Understanding The Sumo
The deadlift is a superb compound exercise that targets a vast number of muscle groups the length and breadth of the body. It is specifically well renowned for its ability to build strength and size in the posterior chain. The posterior chain consists of all muscles located at the rear of the body – from the base of the heel right through to the base of the head.
However, not only will regular deadlifting develop the posterior chain, but it also improves the strength of a number of anterior muscles, core and grip strength. These improvements may, in turn, lead to an improved posture, enhanced performance, and reduced risk of injury (1).
The Differences Between The Sumo and Conventional Deadlift
There are an array of deadlift variations that can be performed for a number of different goals. One of the most popular deadlift variations is the sumo deadlift. The exercise involves a wide stance and narrow grip which places the trunk in a more vertical position – similar to the position you would expect in a squat. Compare this to the conventional deadlift where a narrower stance and wider grip puts the trunk in a horizontal position, almost parallel to the floor.
The difference in form and execution between the two variations slightly alters the demands placed on the body. The conventional deadlift tends to place a greater demand on the spinal erectors due to a greater trunk lean. While both exercises place a similar demand on the hips, the upright trunk in the sumo deadlift decreases the demand on the spinal erectors, moving it to the quadriceps (2).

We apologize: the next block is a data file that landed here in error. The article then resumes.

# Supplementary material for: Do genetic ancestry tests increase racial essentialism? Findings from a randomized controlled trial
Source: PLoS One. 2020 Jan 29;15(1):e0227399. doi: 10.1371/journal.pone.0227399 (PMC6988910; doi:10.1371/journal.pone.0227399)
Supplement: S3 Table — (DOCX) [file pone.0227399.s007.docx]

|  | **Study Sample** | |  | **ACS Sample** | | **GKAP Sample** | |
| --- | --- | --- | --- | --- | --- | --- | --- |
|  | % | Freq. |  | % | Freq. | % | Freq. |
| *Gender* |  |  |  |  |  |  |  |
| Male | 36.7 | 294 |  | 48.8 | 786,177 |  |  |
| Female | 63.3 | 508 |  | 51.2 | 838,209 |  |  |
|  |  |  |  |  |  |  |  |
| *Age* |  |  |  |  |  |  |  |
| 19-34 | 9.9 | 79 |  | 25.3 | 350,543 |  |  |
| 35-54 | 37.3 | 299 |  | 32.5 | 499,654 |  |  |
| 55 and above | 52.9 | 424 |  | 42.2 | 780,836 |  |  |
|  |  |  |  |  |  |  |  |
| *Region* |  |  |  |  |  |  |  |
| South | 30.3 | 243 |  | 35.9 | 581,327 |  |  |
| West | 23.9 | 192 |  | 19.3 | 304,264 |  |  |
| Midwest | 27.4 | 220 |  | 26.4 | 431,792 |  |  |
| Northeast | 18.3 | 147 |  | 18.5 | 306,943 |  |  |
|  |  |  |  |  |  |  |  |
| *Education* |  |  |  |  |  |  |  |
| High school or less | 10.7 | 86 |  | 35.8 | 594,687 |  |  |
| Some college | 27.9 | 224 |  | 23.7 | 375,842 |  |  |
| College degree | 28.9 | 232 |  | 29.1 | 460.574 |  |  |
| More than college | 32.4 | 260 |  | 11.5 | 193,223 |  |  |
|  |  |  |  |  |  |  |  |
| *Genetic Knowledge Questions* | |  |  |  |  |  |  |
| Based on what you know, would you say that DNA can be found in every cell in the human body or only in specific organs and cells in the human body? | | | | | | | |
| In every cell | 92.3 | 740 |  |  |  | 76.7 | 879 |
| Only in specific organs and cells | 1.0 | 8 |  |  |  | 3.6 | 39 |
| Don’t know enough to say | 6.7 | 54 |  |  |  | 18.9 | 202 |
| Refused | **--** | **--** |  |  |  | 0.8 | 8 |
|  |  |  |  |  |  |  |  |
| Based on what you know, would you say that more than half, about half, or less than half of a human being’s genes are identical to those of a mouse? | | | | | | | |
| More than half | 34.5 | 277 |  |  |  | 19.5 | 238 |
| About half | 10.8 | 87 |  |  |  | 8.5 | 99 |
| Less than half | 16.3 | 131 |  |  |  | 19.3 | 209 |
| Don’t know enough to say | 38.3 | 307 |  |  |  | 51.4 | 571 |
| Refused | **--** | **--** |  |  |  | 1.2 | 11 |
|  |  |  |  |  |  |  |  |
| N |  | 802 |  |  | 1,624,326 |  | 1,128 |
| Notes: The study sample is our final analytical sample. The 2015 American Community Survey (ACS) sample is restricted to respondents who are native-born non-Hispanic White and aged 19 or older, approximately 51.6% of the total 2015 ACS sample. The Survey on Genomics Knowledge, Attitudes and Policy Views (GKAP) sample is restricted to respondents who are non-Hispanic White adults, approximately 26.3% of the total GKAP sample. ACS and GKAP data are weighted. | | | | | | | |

Studies have suggested that you are less likely to sustain injury while performing the sumo deadlift in comparison to the conventional. This is due to the trunk position of both. The upright sumo trunk position appears to reduce the shear force running through the lower spine thus reducing the risk of sustaining a spinal injury (3).
Studies have indicated that during the conventional deadlift, the lifter must complete 25-40% more mechanical work in comparison to the sumo (4). The wider stance in the sumo deadlift reduces the range of motion (the distance the barbell has to travel from the floor to the hips). A narrow stance meanwhile, requires a greater ROM and therefore you can reasonably expect to lift a greater load with the sumo in comparison to the conventional.
Finally, for many lifters, the sumo stance will be an easier position to assume as it does not require the same degree of ankle and spinal mobility as the conventional. Hip anatomy and physical characteristics may also dictate which method one finds most suitable. Lifters with long limbs tend to be at a mechanical advantage when performing the conventional deadlift in comparison to those with short limbs.
Cues For A Powerful Sumo Deadlift
Cues are powerful tools that can be utilized to reinforce technique both before and during a lift. Cues are typically short phrases that will remind an individual of the key points and requirements to effectively complete the exercise.
In order to prepare yourself and execute the perfect sumo deadlift, run through and repeat the following 6 cues for improving the sumo deadlift. As you will go on to see, cues 1-3 relate to taking up the correct position and facilitating good form while cues 4-6 relate to the drive and execution of the deadlift.
1. ”Take Your Stance”